By: Rose L. Thayer
Acting Defense Secretary Patrick Shanahan said Tuesday that an additional several thousand troops would be sent to the U.S.-Mexico border as defense officials told House lawmakers that the deployment of troops there has reached a cost of nearly $700 million.
Defense officials told members of the House Armed Services Committee that the Defense Department will spend more than $680 million on the deployment of active-duty and National Guard troops to the U.S.-Mexico border, which began in April. They said the cost estimate will likely rise as the active-duty troops remain on the southern border beyond January.
As defense officials were about to testify on Capitol Hill, Shanahan held a news briefing at the Pentagon during which he said “several thousand more” troops would be needed to provide the Department of Homeland Security additional support on the southern border.
“We are supporting our federal partners on the border and that mission has been extended until September. We are currently sourcing the units involved and there will be an increase of a few thousand troops. We will provide more clarity on the numbers when we have it,” Army Lt. Col. Jamie Davis, a Pentagon spokesman, said in a statement after the briefing.
About 2,350 active-duty personnel are stationed along the border and about 2,270 National Guard members, both providing various resources to Customs and Border Protection agents through an agreement between the departments of Defense and Homeland Security. All the troops are expected to remain through the end of the fiscal year.
At the height of the deployment, about 5,900 servicemembers were stationed along the border in early November.
On Capitol Hill, Navy Vice Adm. Michael Gilday, director of operations for the Pentagon’s Joint Staff, said the cost of active-duty troops from their initial deployment in late October through the end of January was about $132 million.
The National Guard first arrived at the border in April and that deployment cost about $103 million through the end of fiscal year 2018. The cost of their mission through fiscal year 2019 is estimated to reach $448 million.
Committee Chairman Adam Smith, D-Wash., challenged whether the “highly unusual” deployment of active-duty troops to the southern border is necessary.
“If you look at the statistics, the peak of our problem at the border was in 2004 and 2005,” he said.
Smith said there were one million apprehensions at the border at that time, while apprehensions in recent years are about one-third of that. In that time, Congress has acted and nearly doubled the number of Border Patrol agents, built barriers and added drones and ground sensors.
The call for troops along the border began in the spring to get more Border Patrol agents out from behind desks and into the field. National Guard members were the first troops deployed to the border to perform maintenance and administrative duties to free up agents.
The decision to send active-duty troops came in October as a caravan of roughly 10,000 migrants began a long march through Central America toward the U.S. border.
“At that particular time … the Department of Homeland Security wasn’t sure what routes they would take to the U.S. southern border,” John Rood, undersecretary of defense for policy, said during his testimony to the House committee. “[President Donald Trump] directed us to examine options to augment [Customs and Border Protection] at the border to allow them to mass personnel at ports of entry.”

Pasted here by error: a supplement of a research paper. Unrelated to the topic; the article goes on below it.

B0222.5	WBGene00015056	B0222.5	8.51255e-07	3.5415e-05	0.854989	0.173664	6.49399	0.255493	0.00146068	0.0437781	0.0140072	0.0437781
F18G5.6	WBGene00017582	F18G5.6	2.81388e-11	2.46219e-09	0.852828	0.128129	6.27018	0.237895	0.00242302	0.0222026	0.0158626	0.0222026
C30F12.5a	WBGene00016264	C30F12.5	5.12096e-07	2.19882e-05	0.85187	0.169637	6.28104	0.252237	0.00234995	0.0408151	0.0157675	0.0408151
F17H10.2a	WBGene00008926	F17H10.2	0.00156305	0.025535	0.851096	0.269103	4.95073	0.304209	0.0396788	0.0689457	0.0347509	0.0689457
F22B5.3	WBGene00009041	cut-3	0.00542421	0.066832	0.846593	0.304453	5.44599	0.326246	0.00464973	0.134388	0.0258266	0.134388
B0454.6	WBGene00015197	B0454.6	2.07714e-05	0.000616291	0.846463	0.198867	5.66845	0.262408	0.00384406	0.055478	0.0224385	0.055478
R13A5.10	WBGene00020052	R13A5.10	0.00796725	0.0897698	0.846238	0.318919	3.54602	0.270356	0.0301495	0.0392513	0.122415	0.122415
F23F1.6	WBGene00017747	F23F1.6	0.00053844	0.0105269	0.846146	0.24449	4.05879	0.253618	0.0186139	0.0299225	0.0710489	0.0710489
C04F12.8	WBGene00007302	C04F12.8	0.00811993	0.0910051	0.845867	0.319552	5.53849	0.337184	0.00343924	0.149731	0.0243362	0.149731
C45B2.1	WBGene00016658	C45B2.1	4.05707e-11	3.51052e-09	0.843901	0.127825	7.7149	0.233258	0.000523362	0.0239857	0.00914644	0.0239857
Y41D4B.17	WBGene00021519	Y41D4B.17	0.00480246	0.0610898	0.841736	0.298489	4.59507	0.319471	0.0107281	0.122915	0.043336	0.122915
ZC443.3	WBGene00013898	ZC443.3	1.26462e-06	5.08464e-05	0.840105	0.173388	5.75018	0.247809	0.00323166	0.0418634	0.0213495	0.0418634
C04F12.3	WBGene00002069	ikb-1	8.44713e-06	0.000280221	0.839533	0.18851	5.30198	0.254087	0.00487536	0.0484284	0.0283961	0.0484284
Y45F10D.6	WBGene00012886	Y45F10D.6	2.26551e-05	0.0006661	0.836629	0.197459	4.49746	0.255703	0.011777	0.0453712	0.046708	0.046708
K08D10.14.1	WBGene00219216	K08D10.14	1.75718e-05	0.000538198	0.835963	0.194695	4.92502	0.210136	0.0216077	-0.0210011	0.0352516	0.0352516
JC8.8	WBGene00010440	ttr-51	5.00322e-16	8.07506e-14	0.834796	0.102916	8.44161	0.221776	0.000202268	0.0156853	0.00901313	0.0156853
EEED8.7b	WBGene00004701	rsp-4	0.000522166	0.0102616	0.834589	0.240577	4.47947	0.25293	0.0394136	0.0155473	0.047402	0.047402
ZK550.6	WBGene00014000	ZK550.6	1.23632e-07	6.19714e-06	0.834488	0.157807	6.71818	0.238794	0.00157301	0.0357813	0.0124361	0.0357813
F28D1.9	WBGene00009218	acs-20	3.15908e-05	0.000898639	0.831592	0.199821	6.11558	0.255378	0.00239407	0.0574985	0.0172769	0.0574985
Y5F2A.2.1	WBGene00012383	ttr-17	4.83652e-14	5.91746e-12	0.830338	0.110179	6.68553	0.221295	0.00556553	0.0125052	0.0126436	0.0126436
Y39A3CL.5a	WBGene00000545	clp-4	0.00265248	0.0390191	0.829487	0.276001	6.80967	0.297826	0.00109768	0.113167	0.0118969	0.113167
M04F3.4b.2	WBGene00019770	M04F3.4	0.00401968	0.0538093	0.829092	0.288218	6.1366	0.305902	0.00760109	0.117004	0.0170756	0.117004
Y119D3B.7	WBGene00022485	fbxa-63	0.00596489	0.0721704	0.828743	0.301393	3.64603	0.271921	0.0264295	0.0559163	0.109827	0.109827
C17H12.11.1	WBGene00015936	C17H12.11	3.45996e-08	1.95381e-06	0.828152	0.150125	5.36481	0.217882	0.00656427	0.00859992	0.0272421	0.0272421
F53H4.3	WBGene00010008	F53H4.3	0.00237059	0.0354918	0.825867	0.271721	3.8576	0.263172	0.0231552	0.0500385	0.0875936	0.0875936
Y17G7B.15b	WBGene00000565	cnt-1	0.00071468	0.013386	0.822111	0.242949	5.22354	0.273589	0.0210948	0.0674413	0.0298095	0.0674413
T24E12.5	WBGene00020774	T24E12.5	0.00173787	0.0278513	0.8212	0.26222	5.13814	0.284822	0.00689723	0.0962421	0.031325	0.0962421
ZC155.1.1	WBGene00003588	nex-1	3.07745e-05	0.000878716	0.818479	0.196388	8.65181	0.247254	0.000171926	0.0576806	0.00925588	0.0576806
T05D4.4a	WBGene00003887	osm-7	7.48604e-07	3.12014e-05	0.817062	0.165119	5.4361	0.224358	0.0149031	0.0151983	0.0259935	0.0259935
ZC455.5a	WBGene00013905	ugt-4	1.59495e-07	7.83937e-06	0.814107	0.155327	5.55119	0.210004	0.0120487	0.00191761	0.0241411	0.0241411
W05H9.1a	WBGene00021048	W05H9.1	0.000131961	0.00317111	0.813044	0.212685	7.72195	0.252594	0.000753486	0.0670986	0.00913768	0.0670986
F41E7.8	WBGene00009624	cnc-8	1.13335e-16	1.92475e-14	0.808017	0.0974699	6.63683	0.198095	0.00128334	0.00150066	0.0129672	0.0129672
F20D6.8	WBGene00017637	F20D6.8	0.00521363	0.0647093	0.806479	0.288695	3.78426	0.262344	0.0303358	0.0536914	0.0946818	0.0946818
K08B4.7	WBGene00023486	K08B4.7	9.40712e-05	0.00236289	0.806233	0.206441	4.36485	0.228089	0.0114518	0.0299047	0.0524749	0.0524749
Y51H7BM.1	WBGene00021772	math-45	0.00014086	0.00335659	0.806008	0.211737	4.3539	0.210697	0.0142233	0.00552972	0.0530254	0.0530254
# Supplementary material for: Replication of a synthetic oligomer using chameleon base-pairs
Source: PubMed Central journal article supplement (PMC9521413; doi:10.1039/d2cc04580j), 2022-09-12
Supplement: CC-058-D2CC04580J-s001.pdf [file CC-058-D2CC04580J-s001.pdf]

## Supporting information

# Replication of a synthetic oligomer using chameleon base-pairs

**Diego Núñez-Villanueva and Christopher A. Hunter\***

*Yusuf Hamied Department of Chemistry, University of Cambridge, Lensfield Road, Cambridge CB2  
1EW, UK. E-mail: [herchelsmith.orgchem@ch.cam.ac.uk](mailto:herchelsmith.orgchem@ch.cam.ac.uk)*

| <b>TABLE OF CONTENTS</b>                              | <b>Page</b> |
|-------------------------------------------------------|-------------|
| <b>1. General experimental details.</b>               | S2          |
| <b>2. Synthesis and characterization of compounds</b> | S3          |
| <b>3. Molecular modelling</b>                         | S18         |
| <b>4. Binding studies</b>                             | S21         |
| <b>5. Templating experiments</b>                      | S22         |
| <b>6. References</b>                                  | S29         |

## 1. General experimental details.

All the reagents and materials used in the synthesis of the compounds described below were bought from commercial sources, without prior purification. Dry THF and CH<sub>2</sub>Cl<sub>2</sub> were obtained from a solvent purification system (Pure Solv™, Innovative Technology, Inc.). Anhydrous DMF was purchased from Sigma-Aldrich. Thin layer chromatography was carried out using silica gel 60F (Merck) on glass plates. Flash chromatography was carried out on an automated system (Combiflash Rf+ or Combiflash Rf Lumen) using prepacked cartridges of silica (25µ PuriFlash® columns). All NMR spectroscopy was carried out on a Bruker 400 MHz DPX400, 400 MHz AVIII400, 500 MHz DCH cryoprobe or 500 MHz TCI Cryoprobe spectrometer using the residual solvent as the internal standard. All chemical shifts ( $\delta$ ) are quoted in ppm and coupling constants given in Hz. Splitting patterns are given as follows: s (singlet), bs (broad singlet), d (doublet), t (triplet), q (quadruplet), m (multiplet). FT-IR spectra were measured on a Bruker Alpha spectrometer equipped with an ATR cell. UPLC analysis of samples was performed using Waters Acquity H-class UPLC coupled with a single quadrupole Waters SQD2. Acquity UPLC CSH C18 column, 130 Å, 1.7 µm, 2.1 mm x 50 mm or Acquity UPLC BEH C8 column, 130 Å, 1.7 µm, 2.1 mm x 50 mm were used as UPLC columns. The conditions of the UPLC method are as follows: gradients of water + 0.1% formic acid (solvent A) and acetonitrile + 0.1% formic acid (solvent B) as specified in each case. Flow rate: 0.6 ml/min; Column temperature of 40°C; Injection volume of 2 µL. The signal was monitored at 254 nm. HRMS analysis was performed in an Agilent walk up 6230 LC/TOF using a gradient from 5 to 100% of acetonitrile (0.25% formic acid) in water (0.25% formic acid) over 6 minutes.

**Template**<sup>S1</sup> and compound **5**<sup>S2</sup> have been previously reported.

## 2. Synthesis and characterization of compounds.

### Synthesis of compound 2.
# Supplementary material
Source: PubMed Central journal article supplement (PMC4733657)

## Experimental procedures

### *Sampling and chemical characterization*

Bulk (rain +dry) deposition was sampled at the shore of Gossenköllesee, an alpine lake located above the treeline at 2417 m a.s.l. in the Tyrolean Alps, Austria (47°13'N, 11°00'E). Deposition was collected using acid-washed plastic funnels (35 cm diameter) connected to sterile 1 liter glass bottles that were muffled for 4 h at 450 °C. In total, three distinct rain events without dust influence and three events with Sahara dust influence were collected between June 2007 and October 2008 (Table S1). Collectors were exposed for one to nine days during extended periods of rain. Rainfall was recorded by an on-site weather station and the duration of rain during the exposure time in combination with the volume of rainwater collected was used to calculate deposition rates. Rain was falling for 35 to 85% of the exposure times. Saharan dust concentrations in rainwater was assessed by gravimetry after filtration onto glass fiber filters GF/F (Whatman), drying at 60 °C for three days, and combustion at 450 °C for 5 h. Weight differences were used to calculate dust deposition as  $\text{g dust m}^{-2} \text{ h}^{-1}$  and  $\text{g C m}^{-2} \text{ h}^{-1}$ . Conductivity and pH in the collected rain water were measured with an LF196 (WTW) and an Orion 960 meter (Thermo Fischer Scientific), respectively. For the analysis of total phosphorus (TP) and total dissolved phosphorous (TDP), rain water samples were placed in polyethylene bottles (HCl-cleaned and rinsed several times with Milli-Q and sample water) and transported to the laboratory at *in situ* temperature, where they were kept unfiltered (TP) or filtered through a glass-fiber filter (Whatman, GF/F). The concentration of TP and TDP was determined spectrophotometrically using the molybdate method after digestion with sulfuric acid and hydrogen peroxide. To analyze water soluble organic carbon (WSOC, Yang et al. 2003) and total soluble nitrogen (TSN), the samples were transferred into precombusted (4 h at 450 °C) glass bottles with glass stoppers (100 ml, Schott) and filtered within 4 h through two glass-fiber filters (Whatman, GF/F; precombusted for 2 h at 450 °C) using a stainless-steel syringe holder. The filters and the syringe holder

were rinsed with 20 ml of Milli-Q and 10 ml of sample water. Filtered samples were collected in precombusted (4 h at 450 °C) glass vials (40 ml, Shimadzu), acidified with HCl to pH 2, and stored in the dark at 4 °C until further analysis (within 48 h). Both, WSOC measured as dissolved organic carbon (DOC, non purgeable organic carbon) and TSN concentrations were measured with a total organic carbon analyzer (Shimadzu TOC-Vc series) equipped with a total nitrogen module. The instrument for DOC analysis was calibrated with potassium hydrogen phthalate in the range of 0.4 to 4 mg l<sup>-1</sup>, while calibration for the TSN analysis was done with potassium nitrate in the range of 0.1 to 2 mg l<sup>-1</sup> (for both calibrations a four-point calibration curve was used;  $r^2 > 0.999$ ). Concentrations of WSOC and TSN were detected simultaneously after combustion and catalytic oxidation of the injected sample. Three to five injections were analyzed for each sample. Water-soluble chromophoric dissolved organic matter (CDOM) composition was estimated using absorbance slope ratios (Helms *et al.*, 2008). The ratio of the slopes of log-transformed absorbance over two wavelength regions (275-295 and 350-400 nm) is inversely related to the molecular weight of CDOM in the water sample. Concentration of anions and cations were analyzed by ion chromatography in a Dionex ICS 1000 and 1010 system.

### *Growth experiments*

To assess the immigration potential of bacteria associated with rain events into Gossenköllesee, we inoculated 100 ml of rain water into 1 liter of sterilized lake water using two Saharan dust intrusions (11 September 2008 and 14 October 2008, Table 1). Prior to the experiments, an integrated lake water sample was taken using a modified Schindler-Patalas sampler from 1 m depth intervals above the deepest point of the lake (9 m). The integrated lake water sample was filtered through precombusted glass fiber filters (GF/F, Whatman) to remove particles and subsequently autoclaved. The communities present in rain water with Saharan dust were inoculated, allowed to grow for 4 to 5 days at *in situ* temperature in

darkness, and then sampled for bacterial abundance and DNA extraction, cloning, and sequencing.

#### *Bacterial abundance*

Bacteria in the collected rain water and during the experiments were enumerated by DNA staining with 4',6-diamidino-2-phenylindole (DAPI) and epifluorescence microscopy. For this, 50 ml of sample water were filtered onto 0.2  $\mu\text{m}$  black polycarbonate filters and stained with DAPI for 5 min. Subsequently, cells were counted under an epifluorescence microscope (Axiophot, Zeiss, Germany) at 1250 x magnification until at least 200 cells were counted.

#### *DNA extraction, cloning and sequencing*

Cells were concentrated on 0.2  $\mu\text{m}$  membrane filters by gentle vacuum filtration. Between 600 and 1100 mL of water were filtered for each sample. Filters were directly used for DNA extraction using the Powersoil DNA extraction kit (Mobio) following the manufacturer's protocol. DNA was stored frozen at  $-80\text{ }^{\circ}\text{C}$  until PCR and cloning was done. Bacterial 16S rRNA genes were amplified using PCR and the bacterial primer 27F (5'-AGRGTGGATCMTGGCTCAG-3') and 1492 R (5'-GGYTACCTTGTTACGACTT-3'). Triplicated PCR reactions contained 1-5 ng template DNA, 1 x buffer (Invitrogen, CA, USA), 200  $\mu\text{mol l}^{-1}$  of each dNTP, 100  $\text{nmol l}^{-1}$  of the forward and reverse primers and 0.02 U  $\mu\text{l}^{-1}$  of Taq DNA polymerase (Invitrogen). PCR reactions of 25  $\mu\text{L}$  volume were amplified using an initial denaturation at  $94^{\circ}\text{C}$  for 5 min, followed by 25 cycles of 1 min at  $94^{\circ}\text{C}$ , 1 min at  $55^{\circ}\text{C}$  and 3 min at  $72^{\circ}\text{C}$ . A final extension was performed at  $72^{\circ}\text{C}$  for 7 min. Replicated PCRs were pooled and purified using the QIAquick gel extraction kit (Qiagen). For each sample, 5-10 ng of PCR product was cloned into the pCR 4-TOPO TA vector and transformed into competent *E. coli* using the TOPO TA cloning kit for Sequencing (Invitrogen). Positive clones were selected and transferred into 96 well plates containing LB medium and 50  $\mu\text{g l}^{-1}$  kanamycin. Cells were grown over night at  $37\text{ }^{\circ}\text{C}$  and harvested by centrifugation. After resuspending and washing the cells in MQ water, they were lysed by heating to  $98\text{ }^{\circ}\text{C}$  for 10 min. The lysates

Active-duty troops were chosen, he said, not because they had a special skillset, but because they had better availability and immediate readiness than the National Guard.
Troops at the border have already laid 70 miles of concertina wire along the ports of entry, but are now being asked to place an additional 150 miles on existing barriers between ports of entry in Arizona and California by March 31.
A new agreement signed Jan. 11 expanded their mission to include surveillance, and Gilday said a pilot program with Marines out of Camp Pendleton, Calif., is underway to determine the training required for troops to operate mobile surveillance equipment in Border Patrol vehicles and vans.
Troops will not intervene directly when illegal border crossings are detected on the new mission, but instead cue Border Patrol agents to intervene, he said. Troops will conduct surveillance in Arizona, California, New Mexico and Texas.
But lawmakers also were worried troop readiness is deteriorating because of the deployment along the southern border.
“If we’re stressed anywhere it’s rotary wing, just because of the demand we have for helicopters in Syria and Iraq and Afghanistan,” Gilday said. “We’ve been a bit pinched for [helicopters], if I can be honest, but we’re not at point where we’re have significant concerns.”
Otherwise, Gilday said many troops are getting valuable training at the border, particularly military police. Alongside Border Patrol agents, they’ve conducted 10 different scenarios at night and during the day, he said.
Military police are also authorized to provide protection for Border Patrol agents should it become necessary, Gilday said. To combat deterioration of readiness and impacts to training, troops are deploying in rotations of about six to eight weeks, he said.
“The border security mission is obviously a high priority for the administration so we are balancing that requirement along with Syria, Afghanistan, ongoing commitments in Africa, the western Pacific, we’re trying to balance all of that,” Gilday said.
By: Rose L. Thayer